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Drugs administered by the power of thought alone

The tiny plastic implant developed by Marc Folcher and Professor Fussenegger could be used to pick up unconscious brain waves. Photo: Marc Folcher, ETH Zurich
The tiny plastic implant developed by Marc Folcher and Professor Fussenegger could be used to pick up unconscious brain waves. Photo: Marc Folcher, ETH Zurich

Brain patterns that you are not even aware of could trigger the release of drugs to treat epilepsy or pain as a result of technology which is already in development.

It’s one of the radical innovations made possible by research in the field of synthetic biology, where scientists are cutting and pasting DNA into cells to make them do things they could not do before.

‘Synthetic biology was created when the engineers, civil engineers, mechanical engineers, electric engineers, realised that biological components are not so different than stones to build bridges or electronic circuits to design computers,’ said Professor Martin Fussenegger, whose laboratory at ETH Zurich in Switzerland is leading the field.

Prof. Fussenegger's colleague Marc Folcher in the European Research Council-funded team is using the technology to adapt cells so that they produce a drug when a light is shined on them.

They use a brain wave monitor to record mental activity. This could then be transmitted to a controller which analyses the signal and, when needed, activates a light in an implant inside the body.

‘It’s a little plastic device where you have the LED, and you have the electronics in there,’ said Prof. Fussenegger, whose team has written a paper on the technology which was published in the science magazine Nature Communications on 11 November. ‘The mind-brain waves which are processed then go on to this device and precisely illuminate engineered cells which are also in this implant.’

One of the really interesting things about the technology is that it could be adapted to pick up unconscious brain waves as well as conscious thinking activity. That means it could, for example, pick up the fact that someone is about to have an epileptic seizure before they are aware of it, and administer drugs.

Prof. Fussenegger's lab at ETH Zurich is pioneering in the field of synthetic biology.Prof. Fussenegger's lab at ETH Zurich is pioneering in the field of synthetic biology. Photo: Dominic Buettner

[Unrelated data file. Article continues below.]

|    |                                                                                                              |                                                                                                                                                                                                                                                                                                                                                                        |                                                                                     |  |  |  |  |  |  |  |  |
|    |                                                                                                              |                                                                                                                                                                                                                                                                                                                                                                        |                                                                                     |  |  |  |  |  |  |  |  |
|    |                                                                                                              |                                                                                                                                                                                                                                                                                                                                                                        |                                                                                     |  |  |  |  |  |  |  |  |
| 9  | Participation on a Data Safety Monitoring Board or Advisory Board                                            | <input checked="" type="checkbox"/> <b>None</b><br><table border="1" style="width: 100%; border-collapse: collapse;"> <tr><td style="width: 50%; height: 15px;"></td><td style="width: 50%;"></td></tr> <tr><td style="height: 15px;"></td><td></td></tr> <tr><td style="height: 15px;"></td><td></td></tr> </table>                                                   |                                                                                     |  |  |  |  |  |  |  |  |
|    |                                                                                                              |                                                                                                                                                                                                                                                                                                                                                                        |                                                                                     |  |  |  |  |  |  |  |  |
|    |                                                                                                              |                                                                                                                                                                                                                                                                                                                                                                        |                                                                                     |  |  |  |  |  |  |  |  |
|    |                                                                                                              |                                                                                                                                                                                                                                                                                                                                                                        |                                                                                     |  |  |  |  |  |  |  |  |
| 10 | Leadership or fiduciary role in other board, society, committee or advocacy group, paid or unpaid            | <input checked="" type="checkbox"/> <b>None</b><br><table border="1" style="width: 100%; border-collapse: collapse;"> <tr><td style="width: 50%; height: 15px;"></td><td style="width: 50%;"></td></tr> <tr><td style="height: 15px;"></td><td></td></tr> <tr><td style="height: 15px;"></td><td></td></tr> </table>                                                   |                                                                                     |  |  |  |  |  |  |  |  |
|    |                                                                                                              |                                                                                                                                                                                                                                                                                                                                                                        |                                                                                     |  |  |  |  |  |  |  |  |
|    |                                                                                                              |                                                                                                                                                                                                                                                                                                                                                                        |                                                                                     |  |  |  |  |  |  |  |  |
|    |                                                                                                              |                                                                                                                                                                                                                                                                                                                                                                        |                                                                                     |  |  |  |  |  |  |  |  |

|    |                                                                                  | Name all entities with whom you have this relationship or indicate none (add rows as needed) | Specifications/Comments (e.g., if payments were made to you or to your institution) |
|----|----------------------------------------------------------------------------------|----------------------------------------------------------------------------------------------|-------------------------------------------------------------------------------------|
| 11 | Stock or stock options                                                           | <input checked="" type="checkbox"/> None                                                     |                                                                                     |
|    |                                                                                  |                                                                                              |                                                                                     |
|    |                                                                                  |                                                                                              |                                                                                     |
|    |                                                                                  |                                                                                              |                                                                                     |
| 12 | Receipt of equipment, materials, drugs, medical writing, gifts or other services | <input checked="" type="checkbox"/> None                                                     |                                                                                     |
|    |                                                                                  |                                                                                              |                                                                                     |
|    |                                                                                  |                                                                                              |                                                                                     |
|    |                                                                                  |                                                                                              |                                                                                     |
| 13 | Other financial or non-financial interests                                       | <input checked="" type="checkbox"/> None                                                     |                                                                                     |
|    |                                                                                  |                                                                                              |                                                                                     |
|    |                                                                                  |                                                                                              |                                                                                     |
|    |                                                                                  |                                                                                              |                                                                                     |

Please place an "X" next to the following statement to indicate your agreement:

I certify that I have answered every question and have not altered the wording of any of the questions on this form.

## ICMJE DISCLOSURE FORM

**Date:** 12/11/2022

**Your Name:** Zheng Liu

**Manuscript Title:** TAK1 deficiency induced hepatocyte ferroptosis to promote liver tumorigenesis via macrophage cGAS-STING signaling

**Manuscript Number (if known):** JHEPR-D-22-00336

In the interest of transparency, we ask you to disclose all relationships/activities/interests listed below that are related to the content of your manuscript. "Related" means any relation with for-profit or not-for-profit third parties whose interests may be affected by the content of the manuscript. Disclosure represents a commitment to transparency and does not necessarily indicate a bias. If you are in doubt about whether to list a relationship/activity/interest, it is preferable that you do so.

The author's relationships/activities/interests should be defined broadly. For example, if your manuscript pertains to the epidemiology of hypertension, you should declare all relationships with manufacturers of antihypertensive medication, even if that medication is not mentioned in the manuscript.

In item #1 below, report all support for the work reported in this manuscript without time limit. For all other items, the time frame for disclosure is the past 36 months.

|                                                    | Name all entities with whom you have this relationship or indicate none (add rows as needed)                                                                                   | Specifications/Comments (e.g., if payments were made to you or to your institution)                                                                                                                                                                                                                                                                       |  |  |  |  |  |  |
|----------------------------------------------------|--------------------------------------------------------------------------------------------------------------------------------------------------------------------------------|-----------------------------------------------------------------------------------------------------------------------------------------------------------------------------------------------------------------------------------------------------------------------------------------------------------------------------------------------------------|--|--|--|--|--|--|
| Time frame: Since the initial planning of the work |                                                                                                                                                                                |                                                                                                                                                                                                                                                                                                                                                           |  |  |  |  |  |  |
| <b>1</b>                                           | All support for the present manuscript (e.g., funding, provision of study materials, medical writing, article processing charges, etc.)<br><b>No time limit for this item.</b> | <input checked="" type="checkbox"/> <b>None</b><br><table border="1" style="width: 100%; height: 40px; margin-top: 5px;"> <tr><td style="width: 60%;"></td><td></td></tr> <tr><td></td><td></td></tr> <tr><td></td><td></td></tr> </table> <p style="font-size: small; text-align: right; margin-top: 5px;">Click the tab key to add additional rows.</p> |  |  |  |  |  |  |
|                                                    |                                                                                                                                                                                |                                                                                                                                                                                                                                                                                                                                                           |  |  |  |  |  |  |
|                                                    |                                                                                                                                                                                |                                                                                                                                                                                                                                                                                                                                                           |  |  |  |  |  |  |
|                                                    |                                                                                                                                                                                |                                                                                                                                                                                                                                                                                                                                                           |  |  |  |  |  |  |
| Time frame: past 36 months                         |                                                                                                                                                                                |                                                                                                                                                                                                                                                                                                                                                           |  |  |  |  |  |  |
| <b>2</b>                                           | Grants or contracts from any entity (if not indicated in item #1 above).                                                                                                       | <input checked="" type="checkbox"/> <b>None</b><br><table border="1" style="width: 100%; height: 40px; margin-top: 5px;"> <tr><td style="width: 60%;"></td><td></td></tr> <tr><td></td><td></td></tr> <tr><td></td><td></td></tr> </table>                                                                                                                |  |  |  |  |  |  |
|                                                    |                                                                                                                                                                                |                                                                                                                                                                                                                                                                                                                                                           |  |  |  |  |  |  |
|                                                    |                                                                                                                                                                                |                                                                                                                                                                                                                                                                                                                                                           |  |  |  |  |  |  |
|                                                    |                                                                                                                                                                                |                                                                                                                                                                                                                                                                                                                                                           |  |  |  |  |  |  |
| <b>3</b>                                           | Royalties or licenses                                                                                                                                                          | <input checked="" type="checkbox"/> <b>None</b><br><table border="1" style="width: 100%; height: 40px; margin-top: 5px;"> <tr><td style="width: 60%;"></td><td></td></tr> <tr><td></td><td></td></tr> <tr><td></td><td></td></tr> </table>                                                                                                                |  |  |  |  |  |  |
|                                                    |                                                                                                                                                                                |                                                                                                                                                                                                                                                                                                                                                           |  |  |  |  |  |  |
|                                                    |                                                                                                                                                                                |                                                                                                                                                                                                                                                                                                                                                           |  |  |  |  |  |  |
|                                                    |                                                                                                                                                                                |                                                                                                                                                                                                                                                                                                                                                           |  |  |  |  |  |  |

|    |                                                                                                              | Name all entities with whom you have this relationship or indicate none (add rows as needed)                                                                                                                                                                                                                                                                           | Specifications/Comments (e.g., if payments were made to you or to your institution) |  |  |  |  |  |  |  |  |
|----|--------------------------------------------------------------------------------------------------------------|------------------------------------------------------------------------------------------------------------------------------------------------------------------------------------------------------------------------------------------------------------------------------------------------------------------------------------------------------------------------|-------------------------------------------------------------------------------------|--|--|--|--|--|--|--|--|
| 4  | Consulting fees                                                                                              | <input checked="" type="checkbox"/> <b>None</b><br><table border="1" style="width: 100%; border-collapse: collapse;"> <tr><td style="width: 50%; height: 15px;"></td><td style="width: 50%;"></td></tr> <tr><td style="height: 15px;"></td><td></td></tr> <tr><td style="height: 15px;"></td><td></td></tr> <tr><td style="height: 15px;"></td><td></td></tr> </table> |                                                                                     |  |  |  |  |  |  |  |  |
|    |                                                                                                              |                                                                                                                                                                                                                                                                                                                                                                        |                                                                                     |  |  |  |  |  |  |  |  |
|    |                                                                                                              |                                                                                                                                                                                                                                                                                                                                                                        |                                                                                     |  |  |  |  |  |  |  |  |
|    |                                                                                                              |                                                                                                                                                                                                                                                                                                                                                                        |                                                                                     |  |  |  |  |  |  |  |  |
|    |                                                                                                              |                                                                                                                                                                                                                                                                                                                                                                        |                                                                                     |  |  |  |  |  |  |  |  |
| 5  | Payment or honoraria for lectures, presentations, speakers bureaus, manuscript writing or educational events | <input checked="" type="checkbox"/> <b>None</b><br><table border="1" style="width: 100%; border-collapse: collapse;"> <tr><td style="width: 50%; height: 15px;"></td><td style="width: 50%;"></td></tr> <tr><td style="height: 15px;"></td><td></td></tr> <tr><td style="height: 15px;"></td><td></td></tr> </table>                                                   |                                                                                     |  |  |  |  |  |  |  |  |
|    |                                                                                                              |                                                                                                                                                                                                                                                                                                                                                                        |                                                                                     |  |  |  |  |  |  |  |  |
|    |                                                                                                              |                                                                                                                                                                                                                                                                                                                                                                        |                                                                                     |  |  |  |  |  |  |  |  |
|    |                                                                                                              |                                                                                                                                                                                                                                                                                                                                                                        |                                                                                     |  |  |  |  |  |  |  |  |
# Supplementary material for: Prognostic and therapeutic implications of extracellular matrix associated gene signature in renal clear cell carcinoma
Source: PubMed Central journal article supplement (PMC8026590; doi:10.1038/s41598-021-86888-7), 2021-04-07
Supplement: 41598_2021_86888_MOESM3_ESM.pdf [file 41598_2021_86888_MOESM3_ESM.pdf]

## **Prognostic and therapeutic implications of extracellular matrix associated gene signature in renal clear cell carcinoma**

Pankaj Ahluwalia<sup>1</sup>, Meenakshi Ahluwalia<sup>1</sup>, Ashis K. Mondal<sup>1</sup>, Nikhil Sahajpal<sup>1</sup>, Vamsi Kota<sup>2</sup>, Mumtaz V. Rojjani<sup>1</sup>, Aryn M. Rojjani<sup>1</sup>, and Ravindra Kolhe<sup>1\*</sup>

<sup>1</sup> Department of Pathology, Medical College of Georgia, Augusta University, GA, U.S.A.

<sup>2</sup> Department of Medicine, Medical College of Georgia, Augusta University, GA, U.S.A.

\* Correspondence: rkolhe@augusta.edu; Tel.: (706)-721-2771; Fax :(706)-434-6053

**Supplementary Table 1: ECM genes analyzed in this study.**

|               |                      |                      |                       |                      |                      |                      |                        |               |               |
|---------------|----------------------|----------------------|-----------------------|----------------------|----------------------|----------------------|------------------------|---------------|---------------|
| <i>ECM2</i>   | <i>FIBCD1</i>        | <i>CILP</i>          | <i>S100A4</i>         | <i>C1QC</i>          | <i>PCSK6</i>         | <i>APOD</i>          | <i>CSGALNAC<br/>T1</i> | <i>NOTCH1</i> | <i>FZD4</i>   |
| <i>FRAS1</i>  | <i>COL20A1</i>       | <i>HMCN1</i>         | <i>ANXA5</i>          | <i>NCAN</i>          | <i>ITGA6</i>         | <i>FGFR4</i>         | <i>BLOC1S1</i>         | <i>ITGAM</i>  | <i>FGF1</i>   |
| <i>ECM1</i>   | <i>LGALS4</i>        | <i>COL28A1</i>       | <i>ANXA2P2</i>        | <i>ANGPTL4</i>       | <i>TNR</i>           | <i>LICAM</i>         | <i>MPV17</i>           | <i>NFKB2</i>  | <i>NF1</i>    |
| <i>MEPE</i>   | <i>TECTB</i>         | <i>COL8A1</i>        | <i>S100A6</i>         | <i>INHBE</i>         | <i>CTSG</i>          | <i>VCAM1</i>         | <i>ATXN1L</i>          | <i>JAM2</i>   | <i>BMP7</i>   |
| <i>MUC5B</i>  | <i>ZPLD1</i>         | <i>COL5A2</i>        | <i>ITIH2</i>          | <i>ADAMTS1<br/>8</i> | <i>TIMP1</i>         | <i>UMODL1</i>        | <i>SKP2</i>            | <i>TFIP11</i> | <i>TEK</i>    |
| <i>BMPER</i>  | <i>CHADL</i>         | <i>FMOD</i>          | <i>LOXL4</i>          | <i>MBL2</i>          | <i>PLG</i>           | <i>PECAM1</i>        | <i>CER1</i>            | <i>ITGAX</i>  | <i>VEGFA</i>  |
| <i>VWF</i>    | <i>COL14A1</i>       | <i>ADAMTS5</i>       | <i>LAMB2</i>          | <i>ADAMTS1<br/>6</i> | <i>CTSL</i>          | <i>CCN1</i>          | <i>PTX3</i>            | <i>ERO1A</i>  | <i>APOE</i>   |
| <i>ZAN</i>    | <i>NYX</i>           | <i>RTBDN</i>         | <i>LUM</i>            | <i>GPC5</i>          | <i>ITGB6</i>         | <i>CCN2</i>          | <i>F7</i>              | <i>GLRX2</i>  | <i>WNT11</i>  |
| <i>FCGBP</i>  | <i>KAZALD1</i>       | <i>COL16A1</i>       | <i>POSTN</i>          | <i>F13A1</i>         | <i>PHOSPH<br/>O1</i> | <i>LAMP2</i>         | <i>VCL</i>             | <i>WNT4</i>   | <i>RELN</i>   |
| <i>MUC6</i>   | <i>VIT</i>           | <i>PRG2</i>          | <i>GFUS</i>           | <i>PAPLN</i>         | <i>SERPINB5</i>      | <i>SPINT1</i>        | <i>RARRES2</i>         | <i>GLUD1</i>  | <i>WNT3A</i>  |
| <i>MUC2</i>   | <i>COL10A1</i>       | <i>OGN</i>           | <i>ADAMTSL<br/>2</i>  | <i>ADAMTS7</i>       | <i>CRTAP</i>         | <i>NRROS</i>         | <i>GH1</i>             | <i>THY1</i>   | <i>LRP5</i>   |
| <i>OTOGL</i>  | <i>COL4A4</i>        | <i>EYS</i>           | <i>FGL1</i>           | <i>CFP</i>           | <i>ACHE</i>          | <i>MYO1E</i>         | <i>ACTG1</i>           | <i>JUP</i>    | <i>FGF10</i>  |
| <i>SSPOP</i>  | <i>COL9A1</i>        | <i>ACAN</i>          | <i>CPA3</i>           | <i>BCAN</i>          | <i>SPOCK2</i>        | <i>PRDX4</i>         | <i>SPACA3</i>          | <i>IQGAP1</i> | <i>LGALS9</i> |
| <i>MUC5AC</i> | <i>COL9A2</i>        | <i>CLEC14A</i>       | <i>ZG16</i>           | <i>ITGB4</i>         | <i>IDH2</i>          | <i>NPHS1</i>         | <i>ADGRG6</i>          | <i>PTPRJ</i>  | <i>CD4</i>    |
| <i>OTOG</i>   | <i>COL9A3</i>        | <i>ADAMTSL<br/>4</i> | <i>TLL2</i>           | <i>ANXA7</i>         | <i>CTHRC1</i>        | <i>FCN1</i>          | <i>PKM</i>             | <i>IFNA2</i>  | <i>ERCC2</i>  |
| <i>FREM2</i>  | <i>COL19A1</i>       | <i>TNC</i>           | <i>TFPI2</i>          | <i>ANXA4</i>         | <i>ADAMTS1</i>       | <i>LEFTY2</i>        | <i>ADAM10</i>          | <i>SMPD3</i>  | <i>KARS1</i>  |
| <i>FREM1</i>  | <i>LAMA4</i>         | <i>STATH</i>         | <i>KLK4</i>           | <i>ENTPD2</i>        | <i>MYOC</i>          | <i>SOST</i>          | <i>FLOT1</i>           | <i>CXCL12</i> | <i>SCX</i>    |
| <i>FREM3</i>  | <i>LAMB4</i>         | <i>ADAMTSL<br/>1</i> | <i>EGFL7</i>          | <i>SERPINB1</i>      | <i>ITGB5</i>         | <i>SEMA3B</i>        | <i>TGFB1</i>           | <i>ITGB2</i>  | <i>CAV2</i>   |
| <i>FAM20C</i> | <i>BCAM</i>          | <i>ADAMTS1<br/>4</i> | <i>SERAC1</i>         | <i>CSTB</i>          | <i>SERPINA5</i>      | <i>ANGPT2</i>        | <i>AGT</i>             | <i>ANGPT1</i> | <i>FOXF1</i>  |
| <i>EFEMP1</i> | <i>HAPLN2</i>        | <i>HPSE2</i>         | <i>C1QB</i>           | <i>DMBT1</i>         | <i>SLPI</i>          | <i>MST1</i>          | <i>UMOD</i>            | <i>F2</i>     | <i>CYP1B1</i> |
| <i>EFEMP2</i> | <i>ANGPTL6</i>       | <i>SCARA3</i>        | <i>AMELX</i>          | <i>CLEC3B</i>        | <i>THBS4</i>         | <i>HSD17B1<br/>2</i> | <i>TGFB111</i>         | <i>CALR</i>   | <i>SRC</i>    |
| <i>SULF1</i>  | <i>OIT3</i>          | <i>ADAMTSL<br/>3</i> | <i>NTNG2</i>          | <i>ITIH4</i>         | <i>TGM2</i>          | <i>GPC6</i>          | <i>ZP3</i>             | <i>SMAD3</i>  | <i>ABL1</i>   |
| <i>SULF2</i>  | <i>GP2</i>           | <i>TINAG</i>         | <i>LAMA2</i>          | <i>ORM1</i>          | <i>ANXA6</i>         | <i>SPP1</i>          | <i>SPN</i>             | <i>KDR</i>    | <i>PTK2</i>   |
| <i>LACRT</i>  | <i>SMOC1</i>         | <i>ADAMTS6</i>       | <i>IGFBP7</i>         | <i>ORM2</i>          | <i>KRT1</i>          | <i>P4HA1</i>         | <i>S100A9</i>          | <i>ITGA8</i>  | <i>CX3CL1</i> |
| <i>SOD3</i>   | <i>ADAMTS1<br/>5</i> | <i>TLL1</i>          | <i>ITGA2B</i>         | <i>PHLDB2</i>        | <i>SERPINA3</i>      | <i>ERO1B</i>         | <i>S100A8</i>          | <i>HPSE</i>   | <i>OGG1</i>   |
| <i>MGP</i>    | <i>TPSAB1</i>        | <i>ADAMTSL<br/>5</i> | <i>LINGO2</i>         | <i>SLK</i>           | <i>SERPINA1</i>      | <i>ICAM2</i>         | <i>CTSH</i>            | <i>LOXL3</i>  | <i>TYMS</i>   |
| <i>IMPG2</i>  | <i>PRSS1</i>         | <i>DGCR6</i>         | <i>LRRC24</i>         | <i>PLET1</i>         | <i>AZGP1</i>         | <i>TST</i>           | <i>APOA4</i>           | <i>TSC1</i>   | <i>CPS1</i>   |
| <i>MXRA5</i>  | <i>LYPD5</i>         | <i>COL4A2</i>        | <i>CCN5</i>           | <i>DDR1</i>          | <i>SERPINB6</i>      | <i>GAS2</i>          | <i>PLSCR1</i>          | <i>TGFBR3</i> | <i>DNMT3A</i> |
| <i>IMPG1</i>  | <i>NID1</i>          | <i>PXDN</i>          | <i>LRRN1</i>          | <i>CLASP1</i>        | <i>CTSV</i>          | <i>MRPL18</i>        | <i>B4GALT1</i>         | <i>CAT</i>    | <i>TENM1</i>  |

‘If you talk about the mind you have two different levels, the first level is attentional control, which means I think, I concentrate, and then something happens in my body,’ said Prof. Fussenegger. ‘And the second is you have the unintentional.’

New biological systems

The point is that these are alternative biological systems which sense a condition and respond by administering a drug. ‘We have prosthetics for everything in our body but it is limited to mechanical devices,’ said Prof. Fussenegger. ‘We have never done prosthesis at the metabolic level to rewire metabolic pathways in the body.’

‘We have prosthetics for everything in our body but it is limited to mechanical devices.’

Professor Martin Fussenegger, ETH Zurich, Switzerland

His team is developing a system which can tackle obesity by sensing when there is too much fat in a person’s blood and then releasing a hormone which makes them feel full. They are also working on an application to treat diabetes whereby insulin is released if the system senses that the glucose rate in someone's blood is too high.

While they believe it will take 20 years before the technology is ready for patients, Prof. Fussenegger believes it’s the kind of prosthetic augmentation that the human body will need if it is to adapt successfully to the modern environment where people get sick because they spend too much of their lives sitting.

‘In order to become really prosthetic we need to get a closed loop,’ he said. ‘Which means your iPhone measures your glucose levels, your blood fat levels, and then triggers an implant to take counter measures such as induce satiety or increase the insulin levels.

‘In order to really face the medical challenges of the future we need to have new treatment concepts.’

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